A murder mystery can end either resolved or unresolved. Most writers opt for the former, if only out of habit or crowd-pleasing instinct, though some habitually leave ends just loose enough to lead to a sequel. In the absence of any resolution, a novel’s very status as a murder mystery comes into doubt. It tends not to be described as belonging to the genre, but as using its elements — or, imprecisely, as “deconstructing” it. Reviewers of Kwon Yeo-sun’s Lemon (레몬), newly published in Janet Hong’s English translation, disagree about whether its central mystery is fully resolved. One could make a fair case either way, to my mind, but in this lack of a resolution over whether it even contains a resolution — its meta-unresolvedness, if you like — lies a clue to the source of its power, which critics have variously but unanimously praised.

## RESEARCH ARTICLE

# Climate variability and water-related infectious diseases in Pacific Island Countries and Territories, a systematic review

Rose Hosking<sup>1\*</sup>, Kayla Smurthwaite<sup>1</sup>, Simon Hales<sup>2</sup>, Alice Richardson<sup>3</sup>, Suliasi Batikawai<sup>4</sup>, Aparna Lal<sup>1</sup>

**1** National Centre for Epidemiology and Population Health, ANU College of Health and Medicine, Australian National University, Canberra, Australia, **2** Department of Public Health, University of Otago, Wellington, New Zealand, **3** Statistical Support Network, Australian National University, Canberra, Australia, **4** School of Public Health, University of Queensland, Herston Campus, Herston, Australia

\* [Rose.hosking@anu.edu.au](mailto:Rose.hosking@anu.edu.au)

The murder in Lemon is that of an eighteen-year-old girl named Kim Hae-on, the enchantress of her high school. “Her beauty seemed not of this world, a kind you rarely encountered,” remembers a former classmate who narrates certain chapters. After a glimpse of Hae-on’s face, “the classroom seemed to have transformed into a fictional, perhaps magical, place.” As for her body, it later turns up lifeless in a park, bearing evidence of blunt force trauma to the head. Her underwear is also missing, seemingly not the work of her attacker — “the autopsy didn’t reveal any traces of rape or sexual assault” — but the result of her own lifelong carelessness about matters of dress. “Before stepping out of the house, I stood her before me and circled her, checking her uniform to make sure she hadn’t forgotten anything,” recalls her younger sister Da-on.